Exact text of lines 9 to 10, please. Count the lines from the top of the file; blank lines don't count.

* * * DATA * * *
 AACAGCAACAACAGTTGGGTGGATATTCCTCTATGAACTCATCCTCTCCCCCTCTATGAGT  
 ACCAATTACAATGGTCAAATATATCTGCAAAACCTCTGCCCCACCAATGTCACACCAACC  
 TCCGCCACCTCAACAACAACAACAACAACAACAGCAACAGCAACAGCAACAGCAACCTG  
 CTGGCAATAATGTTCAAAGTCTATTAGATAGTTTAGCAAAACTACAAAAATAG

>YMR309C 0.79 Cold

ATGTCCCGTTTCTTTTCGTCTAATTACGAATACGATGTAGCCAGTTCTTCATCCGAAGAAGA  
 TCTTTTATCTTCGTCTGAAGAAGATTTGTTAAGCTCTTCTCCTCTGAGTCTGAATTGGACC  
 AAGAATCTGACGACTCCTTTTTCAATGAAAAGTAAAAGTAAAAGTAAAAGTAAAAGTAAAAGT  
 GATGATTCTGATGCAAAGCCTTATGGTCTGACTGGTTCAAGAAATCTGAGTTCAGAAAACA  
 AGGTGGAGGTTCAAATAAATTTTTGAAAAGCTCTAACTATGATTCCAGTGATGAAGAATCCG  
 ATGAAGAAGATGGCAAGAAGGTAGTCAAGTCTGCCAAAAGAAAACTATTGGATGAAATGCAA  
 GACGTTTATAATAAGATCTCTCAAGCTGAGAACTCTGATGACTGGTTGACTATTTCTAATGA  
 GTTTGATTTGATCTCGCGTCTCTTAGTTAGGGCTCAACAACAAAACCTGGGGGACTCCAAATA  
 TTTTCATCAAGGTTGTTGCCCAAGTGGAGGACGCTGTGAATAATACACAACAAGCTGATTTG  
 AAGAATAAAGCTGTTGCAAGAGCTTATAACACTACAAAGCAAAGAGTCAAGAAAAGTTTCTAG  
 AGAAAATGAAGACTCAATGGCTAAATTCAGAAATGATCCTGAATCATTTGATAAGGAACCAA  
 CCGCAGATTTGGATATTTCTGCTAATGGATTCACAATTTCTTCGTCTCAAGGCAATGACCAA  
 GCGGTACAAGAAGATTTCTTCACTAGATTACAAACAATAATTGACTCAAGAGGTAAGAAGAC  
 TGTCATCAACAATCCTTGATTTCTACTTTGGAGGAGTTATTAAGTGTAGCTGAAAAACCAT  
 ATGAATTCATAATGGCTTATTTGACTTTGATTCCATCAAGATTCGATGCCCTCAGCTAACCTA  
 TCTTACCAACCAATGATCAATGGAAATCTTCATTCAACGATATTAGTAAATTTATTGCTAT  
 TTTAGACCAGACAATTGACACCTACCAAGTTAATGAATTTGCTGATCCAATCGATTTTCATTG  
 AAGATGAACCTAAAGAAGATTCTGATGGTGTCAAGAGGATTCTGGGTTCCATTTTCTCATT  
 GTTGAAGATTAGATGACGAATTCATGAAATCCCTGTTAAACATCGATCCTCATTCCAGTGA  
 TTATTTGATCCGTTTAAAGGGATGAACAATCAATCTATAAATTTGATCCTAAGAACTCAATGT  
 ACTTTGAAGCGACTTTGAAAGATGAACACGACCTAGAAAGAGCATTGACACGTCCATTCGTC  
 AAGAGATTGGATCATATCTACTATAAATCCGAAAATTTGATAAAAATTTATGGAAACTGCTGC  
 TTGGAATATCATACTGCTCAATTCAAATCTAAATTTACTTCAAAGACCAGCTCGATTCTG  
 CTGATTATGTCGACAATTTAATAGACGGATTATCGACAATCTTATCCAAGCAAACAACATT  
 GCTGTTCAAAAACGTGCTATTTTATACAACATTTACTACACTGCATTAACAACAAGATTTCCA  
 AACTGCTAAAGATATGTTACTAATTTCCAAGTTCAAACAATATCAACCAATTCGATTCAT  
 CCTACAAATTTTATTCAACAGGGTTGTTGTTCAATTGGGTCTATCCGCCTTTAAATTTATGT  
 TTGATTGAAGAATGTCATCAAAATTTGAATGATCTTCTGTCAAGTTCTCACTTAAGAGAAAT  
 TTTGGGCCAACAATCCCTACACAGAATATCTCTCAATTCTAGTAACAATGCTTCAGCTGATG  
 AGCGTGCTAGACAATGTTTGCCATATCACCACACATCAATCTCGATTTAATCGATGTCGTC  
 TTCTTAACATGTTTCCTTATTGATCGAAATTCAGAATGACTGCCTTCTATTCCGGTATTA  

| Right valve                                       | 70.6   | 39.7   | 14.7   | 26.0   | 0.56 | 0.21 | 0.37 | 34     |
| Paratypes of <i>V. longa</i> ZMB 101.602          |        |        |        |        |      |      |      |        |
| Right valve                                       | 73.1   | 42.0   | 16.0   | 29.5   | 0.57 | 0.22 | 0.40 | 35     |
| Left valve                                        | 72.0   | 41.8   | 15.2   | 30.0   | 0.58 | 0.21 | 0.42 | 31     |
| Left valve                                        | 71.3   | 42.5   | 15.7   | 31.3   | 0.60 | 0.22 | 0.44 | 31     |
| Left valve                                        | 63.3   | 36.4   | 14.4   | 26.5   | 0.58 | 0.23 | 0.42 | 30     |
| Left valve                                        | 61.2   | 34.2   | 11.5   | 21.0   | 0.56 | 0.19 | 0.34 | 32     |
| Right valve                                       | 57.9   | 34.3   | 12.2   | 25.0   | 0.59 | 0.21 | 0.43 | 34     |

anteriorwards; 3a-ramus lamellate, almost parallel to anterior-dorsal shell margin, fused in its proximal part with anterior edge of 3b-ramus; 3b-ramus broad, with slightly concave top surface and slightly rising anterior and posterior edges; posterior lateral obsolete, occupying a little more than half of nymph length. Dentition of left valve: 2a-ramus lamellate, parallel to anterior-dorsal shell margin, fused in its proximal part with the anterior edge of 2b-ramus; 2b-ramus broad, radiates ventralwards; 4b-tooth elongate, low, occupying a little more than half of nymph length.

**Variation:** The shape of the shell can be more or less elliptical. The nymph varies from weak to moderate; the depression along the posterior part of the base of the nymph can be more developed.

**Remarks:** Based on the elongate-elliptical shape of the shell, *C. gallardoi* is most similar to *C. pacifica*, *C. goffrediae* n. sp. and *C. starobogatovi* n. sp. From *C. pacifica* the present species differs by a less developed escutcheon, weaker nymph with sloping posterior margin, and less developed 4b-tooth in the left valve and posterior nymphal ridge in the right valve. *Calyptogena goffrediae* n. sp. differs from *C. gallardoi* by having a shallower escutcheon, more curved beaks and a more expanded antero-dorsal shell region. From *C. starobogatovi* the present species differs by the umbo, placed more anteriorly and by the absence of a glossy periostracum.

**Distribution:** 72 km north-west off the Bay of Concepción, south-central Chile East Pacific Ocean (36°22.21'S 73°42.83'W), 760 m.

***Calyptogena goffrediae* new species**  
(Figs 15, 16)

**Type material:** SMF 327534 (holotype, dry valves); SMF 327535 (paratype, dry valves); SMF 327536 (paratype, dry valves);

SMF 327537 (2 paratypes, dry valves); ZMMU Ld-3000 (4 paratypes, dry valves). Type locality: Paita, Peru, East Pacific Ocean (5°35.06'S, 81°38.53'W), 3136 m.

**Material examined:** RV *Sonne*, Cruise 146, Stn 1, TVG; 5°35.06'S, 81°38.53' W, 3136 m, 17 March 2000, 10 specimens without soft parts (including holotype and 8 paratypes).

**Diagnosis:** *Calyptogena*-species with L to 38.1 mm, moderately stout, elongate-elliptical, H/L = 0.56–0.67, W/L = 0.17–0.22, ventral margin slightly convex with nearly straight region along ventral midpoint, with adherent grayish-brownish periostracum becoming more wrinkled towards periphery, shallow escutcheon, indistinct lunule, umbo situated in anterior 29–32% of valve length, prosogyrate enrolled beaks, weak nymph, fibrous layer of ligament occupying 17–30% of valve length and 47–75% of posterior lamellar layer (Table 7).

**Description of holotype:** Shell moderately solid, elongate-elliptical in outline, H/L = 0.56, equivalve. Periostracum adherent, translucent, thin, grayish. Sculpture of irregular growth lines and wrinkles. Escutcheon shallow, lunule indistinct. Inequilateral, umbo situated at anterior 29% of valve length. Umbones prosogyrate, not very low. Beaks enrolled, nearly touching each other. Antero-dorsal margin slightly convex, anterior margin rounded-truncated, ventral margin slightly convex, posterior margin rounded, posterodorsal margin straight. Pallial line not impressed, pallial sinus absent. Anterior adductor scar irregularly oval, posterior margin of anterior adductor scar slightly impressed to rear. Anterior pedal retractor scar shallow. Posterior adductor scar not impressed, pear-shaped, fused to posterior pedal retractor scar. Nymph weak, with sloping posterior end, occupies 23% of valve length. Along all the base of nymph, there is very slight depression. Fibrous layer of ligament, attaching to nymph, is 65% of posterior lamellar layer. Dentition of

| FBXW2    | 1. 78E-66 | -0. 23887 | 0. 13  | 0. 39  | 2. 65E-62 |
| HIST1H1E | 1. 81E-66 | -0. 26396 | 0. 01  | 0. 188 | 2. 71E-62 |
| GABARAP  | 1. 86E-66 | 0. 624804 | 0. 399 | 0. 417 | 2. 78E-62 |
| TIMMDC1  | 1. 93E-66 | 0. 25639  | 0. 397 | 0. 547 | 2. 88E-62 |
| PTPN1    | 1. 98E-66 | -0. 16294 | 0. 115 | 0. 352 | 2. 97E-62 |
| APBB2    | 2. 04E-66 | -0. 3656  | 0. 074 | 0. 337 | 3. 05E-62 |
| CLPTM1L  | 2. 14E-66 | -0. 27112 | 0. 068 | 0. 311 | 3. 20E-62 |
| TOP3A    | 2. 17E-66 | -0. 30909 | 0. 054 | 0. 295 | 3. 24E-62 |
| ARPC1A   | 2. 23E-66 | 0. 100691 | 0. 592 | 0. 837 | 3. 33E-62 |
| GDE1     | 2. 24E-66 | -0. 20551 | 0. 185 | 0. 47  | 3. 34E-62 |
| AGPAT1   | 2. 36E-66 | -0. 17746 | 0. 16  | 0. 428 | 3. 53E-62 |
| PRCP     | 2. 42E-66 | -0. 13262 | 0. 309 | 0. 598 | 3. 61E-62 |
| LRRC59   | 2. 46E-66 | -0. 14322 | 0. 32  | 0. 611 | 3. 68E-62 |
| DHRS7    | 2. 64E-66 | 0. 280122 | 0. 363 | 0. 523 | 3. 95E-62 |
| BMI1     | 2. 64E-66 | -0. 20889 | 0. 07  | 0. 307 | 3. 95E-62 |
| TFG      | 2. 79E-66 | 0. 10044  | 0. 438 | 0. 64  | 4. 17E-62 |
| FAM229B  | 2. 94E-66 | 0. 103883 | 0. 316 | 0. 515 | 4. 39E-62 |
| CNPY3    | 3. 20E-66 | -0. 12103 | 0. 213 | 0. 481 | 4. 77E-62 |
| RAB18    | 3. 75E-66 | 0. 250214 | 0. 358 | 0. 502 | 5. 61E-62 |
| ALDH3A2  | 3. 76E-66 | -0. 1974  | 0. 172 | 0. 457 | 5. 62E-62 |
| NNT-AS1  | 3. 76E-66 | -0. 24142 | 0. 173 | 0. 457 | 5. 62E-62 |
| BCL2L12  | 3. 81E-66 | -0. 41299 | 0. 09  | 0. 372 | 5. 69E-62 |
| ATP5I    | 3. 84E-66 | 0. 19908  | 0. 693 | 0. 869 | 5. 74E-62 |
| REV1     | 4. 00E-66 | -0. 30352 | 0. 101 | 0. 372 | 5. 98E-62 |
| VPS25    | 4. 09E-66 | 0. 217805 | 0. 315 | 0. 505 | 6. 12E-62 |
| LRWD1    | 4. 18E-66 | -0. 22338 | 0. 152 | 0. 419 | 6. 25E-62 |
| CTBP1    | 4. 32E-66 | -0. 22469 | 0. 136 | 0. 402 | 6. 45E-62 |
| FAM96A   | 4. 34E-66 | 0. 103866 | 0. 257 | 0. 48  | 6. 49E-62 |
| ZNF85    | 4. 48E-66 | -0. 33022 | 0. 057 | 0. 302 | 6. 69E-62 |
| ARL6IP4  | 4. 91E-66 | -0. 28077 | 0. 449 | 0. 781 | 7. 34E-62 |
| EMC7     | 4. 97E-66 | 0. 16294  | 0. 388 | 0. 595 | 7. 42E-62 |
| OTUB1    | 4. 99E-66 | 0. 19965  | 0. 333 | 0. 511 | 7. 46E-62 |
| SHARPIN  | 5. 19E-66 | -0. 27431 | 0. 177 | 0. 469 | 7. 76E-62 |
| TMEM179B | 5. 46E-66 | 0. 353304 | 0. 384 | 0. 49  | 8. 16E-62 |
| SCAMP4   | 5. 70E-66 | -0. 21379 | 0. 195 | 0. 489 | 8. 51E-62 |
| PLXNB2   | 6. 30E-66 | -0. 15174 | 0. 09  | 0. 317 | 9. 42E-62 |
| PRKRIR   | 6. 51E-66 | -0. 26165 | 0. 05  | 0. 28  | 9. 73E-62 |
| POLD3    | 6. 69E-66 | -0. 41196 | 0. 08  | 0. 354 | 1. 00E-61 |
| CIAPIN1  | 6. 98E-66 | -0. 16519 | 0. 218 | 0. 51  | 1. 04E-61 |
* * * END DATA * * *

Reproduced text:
 GATGATTCTGATGCAAAGCCTTATGGTCTGACTGGTTCAAGAAATCTGAGTTCAGAAAACA  
 AGGTGGAGGTTCAAATAAATTTTTGAAAAGCTCTAACTATGATTCCAGTGATGAAGAATCCG  